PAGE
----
Wednesday, February 24, 2016

Utopia - Wednesday with Words

I am still working through Paradise Lost, but now its time to begin Utopia with my AO forum friends!  (This book is used in AO's year 8.)  There has been much chatter about it in the introduction threads, perhaps because the word "utopia" is commonly known but very few of us have read the book to understand *why* it became a common word.

It was written by Sir Thomas More, who was politically active and (perhaps) overly vocal.  He stood on his principles, had leaning towards priesthood before marriage came along, and eventually made an enemy of a king.  I think I'll add him to the mental list of people I want to meet in heaven. :)

Utopia (the book) was so potentially aggravating to the English that it wasn't printed in that country until after More's death; however, it was printed in several other countries and became quite popular.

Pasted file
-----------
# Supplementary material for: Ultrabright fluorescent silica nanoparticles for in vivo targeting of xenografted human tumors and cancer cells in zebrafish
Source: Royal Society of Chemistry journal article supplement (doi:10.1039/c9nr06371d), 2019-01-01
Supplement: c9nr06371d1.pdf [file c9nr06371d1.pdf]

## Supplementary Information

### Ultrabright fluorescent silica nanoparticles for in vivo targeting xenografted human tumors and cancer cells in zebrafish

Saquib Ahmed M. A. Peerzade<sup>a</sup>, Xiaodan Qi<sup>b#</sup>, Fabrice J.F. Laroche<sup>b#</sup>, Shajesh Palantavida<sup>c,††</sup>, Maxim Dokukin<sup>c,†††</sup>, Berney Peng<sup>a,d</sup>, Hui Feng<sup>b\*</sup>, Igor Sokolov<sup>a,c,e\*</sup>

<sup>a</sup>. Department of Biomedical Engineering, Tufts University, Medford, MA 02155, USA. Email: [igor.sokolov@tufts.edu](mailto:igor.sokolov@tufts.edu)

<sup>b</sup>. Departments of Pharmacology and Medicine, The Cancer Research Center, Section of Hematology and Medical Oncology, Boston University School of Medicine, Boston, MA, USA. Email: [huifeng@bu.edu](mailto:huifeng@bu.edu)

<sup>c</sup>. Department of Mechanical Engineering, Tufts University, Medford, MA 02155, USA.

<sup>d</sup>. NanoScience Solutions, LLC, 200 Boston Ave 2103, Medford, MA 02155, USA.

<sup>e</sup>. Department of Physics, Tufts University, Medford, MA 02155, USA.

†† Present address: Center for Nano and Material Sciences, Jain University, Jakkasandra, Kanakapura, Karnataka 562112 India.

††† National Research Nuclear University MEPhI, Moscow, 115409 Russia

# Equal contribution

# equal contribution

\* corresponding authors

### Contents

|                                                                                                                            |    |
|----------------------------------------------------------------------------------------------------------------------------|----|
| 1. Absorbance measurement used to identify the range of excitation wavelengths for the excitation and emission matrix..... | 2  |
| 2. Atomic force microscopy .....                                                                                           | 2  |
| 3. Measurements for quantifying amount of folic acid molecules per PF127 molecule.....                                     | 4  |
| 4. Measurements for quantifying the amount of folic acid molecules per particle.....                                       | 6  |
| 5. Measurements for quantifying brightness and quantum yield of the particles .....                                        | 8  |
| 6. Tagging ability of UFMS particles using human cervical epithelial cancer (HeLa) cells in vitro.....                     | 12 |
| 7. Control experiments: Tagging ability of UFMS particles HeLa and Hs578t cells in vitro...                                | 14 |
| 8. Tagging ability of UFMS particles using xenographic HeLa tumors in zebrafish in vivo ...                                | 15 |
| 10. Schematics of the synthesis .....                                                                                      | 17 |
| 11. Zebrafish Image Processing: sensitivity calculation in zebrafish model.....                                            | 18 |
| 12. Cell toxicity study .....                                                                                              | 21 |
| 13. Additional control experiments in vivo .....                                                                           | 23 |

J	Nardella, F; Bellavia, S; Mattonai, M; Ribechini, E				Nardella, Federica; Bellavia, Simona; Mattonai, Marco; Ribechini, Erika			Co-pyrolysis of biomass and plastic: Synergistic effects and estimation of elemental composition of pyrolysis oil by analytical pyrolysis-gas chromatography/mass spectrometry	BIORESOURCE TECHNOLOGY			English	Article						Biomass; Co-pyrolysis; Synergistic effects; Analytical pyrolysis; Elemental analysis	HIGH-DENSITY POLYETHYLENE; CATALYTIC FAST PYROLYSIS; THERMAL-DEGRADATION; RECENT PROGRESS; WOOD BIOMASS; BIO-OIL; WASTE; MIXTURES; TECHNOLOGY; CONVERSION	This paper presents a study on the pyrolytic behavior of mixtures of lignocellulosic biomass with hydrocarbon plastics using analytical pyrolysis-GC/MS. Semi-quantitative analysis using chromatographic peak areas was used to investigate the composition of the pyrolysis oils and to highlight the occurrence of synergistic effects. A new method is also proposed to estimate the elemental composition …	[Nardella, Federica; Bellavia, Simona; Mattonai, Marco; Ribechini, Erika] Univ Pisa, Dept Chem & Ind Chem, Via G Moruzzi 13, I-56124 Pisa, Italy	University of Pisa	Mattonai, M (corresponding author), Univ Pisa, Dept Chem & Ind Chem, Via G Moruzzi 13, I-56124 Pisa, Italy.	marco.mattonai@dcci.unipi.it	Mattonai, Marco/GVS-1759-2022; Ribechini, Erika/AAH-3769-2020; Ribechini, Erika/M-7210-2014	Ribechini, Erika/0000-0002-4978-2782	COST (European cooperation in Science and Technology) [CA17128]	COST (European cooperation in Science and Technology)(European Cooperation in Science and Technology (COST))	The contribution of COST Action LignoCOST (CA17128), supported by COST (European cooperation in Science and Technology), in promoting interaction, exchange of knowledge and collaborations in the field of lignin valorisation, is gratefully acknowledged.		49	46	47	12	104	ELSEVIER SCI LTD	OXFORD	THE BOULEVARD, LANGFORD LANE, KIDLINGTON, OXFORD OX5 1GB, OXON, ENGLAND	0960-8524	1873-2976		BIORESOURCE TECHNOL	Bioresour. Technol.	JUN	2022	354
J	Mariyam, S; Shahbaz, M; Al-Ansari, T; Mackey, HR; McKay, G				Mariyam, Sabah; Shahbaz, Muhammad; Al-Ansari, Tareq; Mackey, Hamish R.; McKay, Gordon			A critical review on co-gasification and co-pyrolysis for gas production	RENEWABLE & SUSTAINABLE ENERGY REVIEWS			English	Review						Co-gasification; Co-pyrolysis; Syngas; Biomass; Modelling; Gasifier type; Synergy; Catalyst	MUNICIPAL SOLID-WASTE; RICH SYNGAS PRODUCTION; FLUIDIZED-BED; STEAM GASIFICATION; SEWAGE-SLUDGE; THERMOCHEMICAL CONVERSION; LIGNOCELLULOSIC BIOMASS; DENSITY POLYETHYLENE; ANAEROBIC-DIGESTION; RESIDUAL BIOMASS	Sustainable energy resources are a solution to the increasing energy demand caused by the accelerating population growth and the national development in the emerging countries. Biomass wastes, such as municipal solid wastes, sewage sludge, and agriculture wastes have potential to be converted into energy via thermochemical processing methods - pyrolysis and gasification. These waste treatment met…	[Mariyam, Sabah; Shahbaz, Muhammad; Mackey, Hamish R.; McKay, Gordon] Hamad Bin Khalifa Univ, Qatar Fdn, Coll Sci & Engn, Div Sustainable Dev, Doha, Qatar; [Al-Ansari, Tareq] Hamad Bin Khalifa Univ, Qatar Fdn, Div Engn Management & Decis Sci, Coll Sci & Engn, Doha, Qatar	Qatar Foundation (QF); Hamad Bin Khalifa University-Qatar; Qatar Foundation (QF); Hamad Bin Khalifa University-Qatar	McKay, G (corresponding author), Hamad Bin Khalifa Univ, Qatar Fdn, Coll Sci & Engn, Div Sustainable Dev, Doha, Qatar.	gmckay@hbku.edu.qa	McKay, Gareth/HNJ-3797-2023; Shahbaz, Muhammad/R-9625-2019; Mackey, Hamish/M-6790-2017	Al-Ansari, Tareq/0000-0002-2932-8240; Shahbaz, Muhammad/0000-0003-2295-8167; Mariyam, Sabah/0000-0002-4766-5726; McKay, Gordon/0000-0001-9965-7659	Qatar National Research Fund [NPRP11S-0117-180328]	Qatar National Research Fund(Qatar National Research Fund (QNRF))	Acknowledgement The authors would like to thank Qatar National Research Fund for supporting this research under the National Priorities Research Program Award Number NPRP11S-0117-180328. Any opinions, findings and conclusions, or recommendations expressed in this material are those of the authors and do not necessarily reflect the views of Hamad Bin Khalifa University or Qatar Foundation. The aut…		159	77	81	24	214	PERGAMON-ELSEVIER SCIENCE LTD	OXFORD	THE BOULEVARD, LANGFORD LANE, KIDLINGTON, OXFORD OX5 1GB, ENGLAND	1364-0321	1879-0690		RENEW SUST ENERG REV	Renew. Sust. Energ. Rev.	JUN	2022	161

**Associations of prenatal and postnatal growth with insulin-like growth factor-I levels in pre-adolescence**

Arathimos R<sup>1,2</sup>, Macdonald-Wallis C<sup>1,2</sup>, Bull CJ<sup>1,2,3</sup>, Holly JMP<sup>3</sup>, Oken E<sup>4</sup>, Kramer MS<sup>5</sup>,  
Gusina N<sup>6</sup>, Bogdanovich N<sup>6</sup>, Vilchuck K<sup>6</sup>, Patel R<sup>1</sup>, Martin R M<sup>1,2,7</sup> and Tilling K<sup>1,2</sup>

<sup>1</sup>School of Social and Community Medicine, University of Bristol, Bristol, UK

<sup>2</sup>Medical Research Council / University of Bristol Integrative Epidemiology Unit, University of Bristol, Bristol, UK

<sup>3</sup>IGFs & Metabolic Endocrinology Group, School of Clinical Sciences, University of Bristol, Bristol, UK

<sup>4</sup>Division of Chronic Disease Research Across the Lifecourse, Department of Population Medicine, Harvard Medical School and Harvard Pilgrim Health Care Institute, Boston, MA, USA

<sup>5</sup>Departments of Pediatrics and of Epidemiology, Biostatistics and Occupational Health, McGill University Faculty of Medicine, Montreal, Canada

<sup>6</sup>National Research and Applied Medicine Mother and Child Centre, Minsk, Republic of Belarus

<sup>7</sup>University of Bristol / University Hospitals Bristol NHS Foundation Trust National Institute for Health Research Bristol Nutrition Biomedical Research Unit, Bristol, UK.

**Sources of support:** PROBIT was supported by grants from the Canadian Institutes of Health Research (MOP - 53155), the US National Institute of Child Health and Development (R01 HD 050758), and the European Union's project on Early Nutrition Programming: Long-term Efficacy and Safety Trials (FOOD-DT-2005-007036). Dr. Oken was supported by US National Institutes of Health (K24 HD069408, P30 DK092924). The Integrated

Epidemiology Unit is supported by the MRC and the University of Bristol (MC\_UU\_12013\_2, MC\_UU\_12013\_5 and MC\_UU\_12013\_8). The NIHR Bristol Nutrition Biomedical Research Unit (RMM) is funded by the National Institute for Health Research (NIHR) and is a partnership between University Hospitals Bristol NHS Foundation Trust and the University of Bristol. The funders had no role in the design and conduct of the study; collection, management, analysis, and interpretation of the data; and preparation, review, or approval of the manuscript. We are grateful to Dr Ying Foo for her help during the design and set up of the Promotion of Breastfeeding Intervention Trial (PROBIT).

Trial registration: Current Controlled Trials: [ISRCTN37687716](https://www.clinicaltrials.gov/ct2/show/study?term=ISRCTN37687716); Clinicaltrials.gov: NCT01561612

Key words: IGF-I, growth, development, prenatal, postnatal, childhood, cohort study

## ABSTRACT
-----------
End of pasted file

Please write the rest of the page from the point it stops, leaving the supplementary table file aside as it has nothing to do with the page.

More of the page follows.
I've only just begun Book 1 (of 2), and here are some catchy lines you might enjoy.

The fictitious Mr. More has just met Raphael and is impressed with his wise discourse on the governments in the lands he has seen.  (Emphasis mine.)
We asked him many questions concerning all these things, to which he answered very willingly; only we made no inquiries after monsters, than which nothing is more common; for everywhere one may hear of ravenous dogs and waves, and cruel men-eaters; but it is not so easy to find states that are well and wisely governed.
And just one page further on:
For most princes apply themselves more to affairs of war than to the useful arts of peace...they are generally more set on acquiring new kingdoms, right or wrong, than on governing well those they possess.
Hmmm.  It seems that humans and politicians don't really change over the ages, regardless of how far we think we have come as a species.

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